Despite the initial financial challenges producers face in implementing conservation practices, Rose Ranch has succeeded in implementing them profitably. Thad’s low stocking rate1 and adaptive management approach have contributed to strong calf weight gain and low feed expenses, resulting in high financial performance. The ranch has outperformed similar operations in the region across gross margins, net returns and other financial metrics (Figures 1,2).


Just getting started

Thad is one of 13 ranchers participating in a three-year project that began in 2022 led by Environmental Defense Fund and the Intertribal Agriculture Council. Through multi-year data collection, these organizations are assessing the financial impact of implementing conservation practices on grazing operations in Montana, Nebraska, Nevada and South Dakota.

Amidst ample evidence supporting regenerative agriculture's environmental benefits, it's crucial for ranchers, lenders and other industry stakeholders to recognize the practices' full value and their impact on ranch profitability.


The project’s ultimate objective is to identify financing solutions that can help Native ranchers improve their natural resource stewardship, all while improving the financial success of their operations.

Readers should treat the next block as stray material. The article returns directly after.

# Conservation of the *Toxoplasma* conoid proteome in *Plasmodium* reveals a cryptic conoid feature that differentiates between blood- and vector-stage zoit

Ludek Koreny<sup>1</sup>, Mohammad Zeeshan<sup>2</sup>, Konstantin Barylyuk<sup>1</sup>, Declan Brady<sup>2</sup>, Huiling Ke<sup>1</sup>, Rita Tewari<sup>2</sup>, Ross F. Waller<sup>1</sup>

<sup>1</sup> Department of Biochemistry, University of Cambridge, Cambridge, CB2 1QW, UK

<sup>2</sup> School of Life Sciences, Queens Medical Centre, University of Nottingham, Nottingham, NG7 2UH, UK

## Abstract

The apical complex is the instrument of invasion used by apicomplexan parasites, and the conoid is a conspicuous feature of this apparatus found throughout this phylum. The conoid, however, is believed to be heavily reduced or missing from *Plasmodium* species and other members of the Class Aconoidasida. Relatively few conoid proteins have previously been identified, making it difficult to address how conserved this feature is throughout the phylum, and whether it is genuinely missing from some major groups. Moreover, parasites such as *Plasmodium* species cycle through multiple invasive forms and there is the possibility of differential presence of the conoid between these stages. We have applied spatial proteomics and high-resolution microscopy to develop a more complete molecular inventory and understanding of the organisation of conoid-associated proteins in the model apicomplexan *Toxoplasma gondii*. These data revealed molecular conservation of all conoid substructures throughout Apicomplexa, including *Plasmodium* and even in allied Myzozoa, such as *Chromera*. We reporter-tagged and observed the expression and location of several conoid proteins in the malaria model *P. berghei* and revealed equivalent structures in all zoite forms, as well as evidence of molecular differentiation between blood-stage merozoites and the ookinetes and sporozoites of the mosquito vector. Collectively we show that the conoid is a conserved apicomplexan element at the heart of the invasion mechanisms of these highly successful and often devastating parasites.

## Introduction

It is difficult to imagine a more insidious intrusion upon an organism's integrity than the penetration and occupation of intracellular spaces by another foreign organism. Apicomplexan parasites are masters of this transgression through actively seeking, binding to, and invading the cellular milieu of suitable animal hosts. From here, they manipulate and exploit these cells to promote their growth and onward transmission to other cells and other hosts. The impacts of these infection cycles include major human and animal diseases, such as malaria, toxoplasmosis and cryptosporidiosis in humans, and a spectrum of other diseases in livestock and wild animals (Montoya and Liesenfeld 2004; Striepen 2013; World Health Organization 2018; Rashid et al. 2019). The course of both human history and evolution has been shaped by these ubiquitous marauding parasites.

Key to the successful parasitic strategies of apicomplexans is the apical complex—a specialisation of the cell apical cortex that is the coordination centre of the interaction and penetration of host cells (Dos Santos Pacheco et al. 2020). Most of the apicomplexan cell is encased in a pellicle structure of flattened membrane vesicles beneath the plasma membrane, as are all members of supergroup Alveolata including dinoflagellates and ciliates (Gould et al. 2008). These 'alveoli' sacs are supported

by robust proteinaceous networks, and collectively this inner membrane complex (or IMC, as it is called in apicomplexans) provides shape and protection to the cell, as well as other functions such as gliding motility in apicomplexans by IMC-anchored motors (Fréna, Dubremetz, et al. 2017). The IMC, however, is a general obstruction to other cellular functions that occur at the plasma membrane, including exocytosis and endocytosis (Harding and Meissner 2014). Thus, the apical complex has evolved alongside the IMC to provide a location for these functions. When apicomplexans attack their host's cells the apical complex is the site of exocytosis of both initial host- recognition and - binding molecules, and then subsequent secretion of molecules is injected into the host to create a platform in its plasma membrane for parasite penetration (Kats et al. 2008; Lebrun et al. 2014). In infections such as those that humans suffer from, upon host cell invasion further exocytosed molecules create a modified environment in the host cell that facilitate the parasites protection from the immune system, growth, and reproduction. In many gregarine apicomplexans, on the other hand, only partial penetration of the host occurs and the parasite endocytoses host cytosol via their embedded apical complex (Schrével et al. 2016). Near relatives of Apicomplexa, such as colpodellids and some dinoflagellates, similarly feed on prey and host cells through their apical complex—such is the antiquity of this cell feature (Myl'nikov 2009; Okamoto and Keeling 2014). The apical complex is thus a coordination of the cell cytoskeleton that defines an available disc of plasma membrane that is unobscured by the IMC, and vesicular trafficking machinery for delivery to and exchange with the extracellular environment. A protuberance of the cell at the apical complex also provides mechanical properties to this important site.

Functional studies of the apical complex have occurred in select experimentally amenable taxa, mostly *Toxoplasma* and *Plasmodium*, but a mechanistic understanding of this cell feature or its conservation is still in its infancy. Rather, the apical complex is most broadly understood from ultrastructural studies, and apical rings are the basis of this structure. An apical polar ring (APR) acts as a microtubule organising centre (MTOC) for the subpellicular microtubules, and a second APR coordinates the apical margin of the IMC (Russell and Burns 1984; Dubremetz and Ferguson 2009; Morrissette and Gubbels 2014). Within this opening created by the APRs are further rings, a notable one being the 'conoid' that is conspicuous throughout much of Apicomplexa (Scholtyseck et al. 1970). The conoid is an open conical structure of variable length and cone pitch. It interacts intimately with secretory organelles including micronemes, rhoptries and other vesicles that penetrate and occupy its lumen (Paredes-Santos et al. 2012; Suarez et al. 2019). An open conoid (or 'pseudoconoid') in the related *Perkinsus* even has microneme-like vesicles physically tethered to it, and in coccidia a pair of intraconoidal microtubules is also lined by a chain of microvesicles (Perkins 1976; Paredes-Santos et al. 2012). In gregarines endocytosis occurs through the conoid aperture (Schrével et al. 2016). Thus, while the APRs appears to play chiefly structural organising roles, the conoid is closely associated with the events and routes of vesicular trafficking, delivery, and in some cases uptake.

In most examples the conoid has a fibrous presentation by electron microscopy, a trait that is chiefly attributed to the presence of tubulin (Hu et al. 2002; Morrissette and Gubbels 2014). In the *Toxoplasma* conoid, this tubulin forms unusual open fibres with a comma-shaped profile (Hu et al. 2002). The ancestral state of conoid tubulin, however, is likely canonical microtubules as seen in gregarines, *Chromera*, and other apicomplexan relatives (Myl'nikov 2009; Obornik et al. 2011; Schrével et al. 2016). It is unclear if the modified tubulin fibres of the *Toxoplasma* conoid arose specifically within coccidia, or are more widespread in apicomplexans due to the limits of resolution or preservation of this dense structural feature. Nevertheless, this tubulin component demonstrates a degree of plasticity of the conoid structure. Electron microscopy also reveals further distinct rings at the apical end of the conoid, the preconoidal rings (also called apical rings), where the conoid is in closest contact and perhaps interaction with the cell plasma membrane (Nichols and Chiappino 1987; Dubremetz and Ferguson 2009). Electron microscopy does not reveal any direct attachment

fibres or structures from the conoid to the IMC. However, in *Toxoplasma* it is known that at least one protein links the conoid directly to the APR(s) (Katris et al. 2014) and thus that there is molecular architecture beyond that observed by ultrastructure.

Initial observations from Rose Ranch


Rose Ranch has a sustainable grazing management plan, both environmentally and financially. Here are some of the initial observations from the first year of the project:

Rose Ranch’s low grazing intensity and adaptive management supports strong cattle weight gain, ensures plant species are not being overgrazed and provides vegetation structure that supports wildlife habitat.
Initial Observations

The impact of financing on conservation

It is important to recognize that Rose Ranch has transitioned to a profitable scale with the help of a CSP contract, which allowed the operation to invest in infrastructure and innovative practices to improve cash flow and keep expenses low. Without the CSP contract, a traditional lender would need to take on some risk and provide flexible financing to help the ranch scale. One lender we talked to said that patient long-term capital can help producers like Rose Ranch invest in the land to financially succeed across the ups and downs of weather and market conditions.


The Rose Ranch case study highlights the importance of financial support in implementing conservation practices. Flexible financing options from lenders can help producers like Thad Rose operationalize and scale up these practices, allowing them to simultaneously improve their financial health and achieve sustainable land management in the long-term.

About This Project



Learn how IAC and Environmental Defense Fund are collaborating to learn about the impact of regenerative agriculture on Native land.


Find out what Native farmers and ranchers, as well as IAC staff, think about using regenerative agriculture practices.


Explore existing research on the financial impacts of reduced tillage, cover cropping and rotational grazing.

Contact IAC to learn more.
Padgley Gonzales
Regenerative Economies Specialist